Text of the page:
Aw, crap. Really? The highlighted part pretty much outlines the only places my daughter will drink a bottle.
But a closer look at this passage – one used to inform “professionals” about counseling bottle feeders – finds some incongruities. First of all, why does a baby holding her own bottle and drinking in a swing, carseat, etc, have more of a risk of dental problems than that of a baby whose mother is holding her during a feeding? Only one citation is used for this passage, and it is a manual from the American Dietetic Association. No studies of note.
In fact, I couldn’t find any studies specifically looking at the dangers of bottle propping or bottle holding, except for one from 1968 (oh and if anyone can get the full text of the study without paying exorbitant fees, let me know… I’d be curious to read it).
So I’m a little confused. Where is the evidence that bottle propping actually causes choking, dental disease, or ear infections? I’m not saying it doesn’t, because some of the theories and hypotheses out there sound perfectly reasonable, but until we have research, that is all they are: theories and hypothesis.
Look. The only people I actually know who bottle prop are a) daycare providers and b) moms with multiples. If I had to take care of more than two infants at one time, I’d be wanting more than just a bottle propper. (Like a bottle of Jack Daniels and some Valium.) These women are using actual bottle proppers, designed to keep the bottle at the proper angle. I would assume that this would help with the choking and ear infection risk, as long as the baby was being properly observed – not just left unattended with a propped bottle. That would be child endangerment, not poor feeding technique. I can’t see why using an apparatus that allows for hands-free feeding would be physically dangerous in the hands of a responsible adult, so the only thing left to worry about is that elusive “bonding” aspect. Considering we can’t really do a study which measures the effect of occasional bottle propping on the emotional state of infants, I’m not sure there is empirical evidence to back up these warnings.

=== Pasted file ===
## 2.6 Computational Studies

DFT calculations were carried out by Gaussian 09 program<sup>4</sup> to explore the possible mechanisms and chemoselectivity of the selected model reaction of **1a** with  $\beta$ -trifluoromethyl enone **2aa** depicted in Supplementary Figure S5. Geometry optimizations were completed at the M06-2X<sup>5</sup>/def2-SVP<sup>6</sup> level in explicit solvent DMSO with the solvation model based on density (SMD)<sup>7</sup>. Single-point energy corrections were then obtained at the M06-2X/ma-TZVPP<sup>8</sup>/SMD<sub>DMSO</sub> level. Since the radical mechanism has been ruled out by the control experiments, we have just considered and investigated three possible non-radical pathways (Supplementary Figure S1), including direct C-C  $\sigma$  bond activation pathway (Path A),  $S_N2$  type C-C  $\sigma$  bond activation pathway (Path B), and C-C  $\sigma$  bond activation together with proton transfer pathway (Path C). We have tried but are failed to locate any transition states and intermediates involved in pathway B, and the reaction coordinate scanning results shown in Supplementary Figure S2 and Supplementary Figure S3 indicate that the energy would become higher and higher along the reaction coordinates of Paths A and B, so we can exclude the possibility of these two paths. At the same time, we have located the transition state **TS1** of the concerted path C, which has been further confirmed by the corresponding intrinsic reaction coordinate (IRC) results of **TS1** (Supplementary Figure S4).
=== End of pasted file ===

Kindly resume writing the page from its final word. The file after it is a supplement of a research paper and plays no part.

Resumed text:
As is the case with most infant-feeding-related stuff, these recommendations are so mucked up by the moralistic tone of parenting advice, that it’s hard to discuss them without people getting defensive or judgmental. Bottle-propping needs to be discussed and studied on a purely logistical level, as does bottle holding. Framing these recommendations as “good parents do this” and “bad parents do this” helps no one; neither do vague admonishments about ear infections, choking, and obesity; and it certainly isn’t helpful to use the two terms interchangeably.
Until I see some good, clinical research about why bottle propping is dangerous, I’d approach these recommendations a little more realistically. Yes, it’s better to hold younger babies while you feed them, if and when it is possible. If you’re a mom of six kids, or a babysitter of triplets, or in some situation where this might not be possible all the time, go ahead and prop a bottle when necessary – just do it safely. Make sure the baby is old enough and strong enough to turn away from the bottle when he’s finished, and keep a close eye on him to make sure he’s not choking (or use a slow-flow nipple – it takes like seven minutes for a drop of formula to come out of the newborn Avent nipples, for example. It’s not like buckets of formula are going to be pouring out of one of those bad boys).
As for those with older, independent bottle holders, if they let you hold them once in awhile, more power to you. Otherwise, hug, love and cuddle your kiddo in every other way possible. It’ll be okay.
Seriously, though, it will.